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Seoul neighborhoods undergo revival - and gentrification

Feb 17,2017
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As multiplex homes concentrated in Yeonnam-dong, Mapo District, are being repurposed, placards now clutter the quiet streets. This is one neighborhood experiencing gentrification, resulting in increased rent. [KIM KYUNG-ROK]
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Between the multiplex houses were the placards of cafes and restaurants cluttering the streets. Signs of renovation were apparent farther into the neighborhood. Gentrification is the name of the game. With the aging homes transforming into genteel cafes and restaurants, real estate prices have risen accordingly.

The recent gentrification of Yeonnam-dong, Mapo District, is peculiar. According to a research team led by Park Jin-a, professor at the urban planning and engineering department at Hanyang University, starting in 2010, gentrification in five areas of Seoul - Seochon, Gyeongridan-gil and Haebangchon in central Seoul; Seongsu-dong in eastern Seoul; Yeonnam-dong in western Seoul - is developing faster than it was 10 or so years ago.

One way to quantify gentrification is by measuring the number of Western restaurants and cafes entering a neighborhood, Park says. In neighborhoods that previously underwent gentrification such as Samcheong-dong, central Seoul, Hongdae, western Seoul, and Garosu-gil, southern Seoul, the average rate of increase in the opening of Western restaurants, cafes and bakeries was 17.3 percent, while Yeonnam-dong multiplied nearly twofold at 39.2 percent.

The number of cafes and bakeries in Yeonnam-dong has gone from 46 establishments to 84. In Gyeongridan-gil, there are now 76 Western restaurants and 27 cafes and bakeries, while there were 44 restaurants and 14 cafes and bakeries previously. The 2010 gentrification of Yeonnam-dong and Seongsu-dong occurred in clustered residential areas.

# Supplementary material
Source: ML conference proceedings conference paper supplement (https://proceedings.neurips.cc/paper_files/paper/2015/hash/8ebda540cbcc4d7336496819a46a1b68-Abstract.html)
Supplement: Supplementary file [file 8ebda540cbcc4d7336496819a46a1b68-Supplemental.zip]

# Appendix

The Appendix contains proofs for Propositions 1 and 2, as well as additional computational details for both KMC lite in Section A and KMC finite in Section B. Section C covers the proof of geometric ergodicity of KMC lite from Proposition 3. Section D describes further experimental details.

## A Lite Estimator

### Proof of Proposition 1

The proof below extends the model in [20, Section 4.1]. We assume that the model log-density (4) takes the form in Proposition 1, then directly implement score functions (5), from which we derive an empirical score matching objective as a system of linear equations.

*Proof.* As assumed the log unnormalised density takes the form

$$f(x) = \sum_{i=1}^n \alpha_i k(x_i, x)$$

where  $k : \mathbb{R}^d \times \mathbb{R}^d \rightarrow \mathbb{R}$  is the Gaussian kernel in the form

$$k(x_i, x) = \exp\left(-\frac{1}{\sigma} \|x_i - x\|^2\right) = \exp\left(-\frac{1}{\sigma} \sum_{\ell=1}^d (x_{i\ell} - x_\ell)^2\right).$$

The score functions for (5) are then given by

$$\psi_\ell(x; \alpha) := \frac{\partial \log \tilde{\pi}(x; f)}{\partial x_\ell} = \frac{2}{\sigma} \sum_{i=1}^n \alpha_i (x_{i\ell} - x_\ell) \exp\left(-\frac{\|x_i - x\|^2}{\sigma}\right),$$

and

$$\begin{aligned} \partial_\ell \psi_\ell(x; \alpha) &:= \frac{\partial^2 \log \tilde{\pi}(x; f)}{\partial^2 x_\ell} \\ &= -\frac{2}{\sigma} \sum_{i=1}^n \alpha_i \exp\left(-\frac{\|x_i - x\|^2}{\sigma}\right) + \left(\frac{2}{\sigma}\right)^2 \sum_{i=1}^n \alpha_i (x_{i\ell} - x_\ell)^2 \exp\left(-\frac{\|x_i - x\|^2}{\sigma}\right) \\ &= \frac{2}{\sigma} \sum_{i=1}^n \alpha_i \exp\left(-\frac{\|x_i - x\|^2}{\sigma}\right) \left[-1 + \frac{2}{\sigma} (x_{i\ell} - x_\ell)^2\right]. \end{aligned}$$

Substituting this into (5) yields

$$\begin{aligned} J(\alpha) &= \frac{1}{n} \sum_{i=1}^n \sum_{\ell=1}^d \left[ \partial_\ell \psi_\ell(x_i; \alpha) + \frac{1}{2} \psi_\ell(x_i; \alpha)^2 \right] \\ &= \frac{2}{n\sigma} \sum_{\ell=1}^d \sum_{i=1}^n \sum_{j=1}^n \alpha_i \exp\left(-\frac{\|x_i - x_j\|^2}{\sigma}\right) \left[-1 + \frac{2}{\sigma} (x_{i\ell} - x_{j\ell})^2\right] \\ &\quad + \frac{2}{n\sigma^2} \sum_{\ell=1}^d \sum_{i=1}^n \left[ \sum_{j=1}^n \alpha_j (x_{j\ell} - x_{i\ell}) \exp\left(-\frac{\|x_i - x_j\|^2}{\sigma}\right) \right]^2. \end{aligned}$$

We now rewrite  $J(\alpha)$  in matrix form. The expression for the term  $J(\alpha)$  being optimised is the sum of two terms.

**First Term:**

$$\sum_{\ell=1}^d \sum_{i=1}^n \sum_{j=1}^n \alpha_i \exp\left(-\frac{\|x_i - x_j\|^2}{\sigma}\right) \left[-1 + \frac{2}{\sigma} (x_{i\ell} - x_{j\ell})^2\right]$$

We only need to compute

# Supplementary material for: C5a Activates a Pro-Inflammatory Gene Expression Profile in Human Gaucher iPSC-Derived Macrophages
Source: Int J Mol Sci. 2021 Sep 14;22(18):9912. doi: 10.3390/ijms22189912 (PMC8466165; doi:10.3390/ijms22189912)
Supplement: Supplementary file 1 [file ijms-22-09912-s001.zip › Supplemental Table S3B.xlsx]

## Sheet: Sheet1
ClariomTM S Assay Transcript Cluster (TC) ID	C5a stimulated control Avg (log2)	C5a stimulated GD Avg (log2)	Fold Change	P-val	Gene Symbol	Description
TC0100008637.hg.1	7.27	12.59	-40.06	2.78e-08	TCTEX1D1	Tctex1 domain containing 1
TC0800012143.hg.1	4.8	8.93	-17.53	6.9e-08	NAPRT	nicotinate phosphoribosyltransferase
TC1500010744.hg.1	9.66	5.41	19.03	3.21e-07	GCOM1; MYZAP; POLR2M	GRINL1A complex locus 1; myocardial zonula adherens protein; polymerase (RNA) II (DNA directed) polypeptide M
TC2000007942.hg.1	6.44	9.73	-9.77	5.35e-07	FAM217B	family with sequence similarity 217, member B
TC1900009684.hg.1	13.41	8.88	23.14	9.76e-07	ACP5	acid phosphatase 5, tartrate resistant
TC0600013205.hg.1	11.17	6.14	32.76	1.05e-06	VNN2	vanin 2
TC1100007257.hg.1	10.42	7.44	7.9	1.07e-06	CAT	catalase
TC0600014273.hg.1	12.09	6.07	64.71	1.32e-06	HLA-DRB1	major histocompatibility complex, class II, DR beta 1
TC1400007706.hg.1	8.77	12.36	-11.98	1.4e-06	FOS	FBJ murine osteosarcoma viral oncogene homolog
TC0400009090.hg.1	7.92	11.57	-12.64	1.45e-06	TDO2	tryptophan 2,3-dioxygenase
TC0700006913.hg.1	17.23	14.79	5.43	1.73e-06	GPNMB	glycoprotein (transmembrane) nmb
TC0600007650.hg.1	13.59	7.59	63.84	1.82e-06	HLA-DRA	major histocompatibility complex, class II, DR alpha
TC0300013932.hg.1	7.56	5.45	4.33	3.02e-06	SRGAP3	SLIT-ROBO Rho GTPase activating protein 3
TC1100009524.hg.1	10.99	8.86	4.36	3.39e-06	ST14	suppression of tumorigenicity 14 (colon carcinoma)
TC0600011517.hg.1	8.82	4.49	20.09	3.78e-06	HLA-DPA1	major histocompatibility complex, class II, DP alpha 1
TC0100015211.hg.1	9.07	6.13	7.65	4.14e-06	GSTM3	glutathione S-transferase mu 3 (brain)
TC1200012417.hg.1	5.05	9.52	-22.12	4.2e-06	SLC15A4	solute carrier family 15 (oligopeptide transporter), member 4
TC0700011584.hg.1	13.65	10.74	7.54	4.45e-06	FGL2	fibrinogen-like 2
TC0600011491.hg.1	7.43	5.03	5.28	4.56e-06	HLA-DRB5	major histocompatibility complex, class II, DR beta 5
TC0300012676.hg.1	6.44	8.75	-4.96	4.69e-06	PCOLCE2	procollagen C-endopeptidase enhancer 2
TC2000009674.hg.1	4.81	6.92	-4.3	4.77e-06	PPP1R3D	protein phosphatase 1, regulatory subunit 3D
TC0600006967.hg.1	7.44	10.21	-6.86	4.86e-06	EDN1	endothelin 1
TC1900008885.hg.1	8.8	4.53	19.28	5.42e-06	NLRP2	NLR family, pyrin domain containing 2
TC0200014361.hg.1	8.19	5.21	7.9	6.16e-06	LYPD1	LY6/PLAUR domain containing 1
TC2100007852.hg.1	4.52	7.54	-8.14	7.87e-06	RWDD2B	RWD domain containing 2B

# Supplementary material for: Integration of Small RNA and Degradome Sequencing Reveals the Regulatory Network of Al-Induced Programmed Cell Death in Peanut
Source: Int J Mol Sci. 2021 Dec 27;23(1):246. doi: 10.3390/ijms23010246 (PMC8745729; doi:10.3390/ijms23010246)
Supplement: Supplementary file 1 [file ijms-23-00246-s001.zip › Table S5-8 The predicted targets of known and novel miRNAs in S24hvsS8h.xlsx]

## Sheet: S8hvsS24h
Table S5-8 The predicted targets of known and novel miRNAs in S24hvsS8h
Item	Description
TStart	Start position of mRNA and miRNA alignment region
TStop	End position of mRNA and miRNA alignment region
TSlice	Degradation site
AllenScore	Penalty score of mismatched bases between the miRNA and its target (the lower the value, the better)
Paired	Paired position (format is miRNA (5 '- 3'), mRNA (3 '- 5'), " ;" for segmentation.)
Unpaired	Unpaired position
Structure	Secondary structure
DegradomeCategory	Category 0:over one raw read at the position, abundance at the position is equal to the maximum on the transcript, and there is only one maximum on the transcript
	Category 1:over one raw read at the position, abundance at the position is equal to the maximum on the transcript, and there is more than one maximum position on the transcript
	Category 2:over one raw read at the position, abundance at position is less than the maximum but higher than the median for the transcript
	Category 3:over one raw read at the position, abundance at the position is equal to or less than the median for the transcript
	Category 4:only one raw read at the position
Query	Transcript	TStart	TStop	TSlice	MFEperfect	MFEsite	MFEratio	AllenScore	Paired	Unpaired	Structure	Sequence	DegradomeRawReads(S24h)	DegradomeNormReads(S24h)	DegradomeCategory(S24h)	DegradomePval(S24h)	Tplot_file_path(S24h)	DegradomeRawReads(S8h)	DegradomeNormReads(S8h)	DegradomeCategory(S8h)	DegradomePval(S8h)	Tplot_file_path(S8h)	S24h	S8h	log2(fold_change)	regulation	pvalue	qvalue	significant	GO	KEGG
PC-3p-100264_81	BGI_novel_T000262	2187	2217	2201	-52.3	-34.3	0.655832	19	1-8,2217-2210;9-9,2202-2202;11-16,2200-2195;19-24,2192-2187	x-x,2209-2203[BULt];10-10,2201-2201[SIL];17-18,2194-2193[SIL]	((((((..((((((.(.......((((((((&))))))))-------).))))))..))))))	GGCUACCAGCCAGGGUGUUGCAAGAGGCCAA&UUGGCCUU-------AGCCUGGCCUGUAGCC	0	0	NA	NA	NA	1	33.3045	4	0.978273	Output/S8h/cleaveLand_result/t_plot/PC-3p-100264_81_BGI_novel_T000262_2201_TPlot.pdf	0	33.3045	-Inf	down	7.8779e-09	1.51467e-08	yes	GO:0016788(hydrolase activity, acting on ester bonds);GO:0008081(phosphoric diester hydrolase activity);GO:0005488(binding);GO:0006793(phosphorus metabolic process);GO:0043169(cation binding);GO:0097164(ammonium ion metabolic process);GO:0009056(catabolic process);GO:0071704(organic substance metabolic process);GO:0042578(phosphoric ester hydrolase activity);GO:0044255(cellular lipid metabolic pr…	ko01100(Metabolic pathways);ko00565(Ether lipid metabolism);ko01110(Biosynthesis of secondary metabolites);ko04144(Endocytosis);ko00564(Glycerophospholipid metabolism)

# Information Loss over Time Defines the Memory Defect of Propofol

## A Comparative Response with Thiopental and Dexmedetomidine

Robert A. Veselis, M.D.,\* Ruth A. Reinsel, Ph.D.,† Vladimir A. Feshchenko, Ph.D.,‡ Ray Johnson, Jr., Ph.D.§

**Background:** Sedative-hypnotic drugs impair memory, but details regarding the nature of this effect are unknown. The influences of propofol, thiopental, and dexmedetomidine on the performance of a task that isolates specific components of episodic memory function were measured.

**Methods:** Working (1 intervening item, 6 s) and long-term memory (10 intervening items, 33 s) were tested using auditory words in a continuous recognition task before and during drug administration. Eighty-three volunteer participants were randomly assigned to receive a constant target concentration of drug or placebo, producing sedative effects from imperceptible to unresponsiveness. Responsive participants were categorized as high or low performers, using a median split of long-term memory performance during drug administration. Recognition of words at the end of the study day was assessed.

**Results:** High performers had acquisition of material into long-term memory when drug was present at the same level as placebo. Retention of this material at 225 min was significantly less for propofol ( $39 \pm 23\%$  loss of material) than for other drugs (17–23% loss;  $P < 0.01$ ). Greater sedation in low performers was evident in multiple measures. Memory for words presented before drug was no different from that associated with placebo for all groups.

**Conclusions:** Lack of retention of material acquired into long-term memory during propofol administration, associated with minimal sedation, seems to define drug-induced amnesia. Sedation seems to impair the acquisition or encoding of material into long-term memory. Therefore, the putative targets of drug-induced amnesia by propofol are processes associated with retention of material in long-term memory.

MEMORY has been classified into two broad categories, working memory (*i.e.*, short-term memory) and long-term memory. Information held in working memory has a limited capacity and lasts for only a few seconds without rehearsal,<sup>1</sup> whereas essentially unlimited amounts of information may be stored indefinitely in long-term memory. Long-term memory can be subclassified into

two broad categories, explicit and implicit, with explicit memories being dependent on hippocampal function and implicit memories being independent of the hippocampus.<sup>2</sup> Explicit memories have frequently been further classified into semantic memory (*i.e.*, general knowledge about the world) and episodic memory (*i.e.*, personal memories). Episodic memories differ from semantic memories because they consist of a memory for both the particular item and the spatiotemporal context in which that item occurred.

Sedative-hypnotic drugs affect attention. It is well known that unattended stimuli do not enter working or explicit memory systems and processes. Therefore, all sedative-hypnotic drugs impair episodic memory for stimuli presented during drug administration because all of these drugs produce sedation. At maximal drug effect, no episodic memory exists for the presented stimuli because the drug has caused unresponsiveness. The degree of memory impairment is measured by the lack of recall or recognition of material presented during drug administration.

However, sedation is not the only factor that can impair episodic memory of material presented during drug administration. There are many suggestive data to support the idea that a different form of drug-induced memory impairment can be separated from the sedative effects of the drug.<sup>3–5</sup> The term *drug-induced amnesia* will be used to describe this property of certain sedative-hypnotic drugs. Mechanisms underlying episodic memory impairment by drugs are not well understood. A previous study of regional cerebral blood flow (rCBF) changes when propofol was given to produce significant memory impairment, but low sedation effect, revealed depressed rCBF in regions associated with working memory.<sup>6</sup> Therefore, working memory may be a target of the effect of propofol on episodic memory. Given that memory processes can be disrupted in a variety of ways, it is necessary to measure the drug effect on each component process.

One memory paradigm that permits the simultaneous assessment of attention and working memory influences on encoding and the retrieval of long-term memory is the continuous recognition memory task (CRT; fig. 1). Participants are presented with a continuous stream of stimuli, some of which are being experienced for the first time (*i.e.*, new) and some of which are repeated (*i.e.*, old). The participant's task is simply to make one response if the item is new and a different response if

“There is a clear tendency for consumers to patronize quirky stores on quiet side-streets that are not well-known,” said Park. “With people quickly learning of neighborhoods through the influence of social networks, once quiet residential areas all of a sudden become a bustling shopping district with outsiders. Consumers then find another neighborhood and this [phenomenon] is repeated.”

“For three years, property values increased and renovation experienced a surge last February,” said one real estate agent in Yeonnam-dong. “The price of side-street houses experienced a rapid change with an average increase of two to three million won ($1,750 to 2,630) per 35.5 square feet. Homeowners are selling their houses and have started to leave while tenants have left as a result of higher security deposits or businesses entering.”

The old neighborhood of Yeonnam-dong is experiencing a period of revitalization, but the caveat is that higher real estate prices and the changing characteristics of the area are placing residences out of reach for longtime residents.

“Just last year, two supermarkets closed,” said a housewife who has resided in the neighborhood for 20 years. “In lieu of the butcher, a take-out restaurant stepped in,” she said, adding that “It has changed into a different neighborhood.”

“This quiet neighborhood has become noisy as outsiders have increased,” said Kim Jung-hyeon, 75, a resident of Yeonnam-dong. “My neighbor sold their home and left and I have placed my house on the market.” There is another issue in which businesses selling daily necessities to residents such as vegetable stores and dry cleaners have begun to disappear.

“Every two years since 2003, Paris investigates the type of businesses by neighborhood and, according to this data, vacant spaces are made into businesses that residents need such as bakeries by obtaining tenants through a variety of regulations placing importance on the types of businesses,” Professor Park said. “Seoul should consider introducing this.”

BY CHO HAN-DAE [hwang.hosub@joongang.co.kr]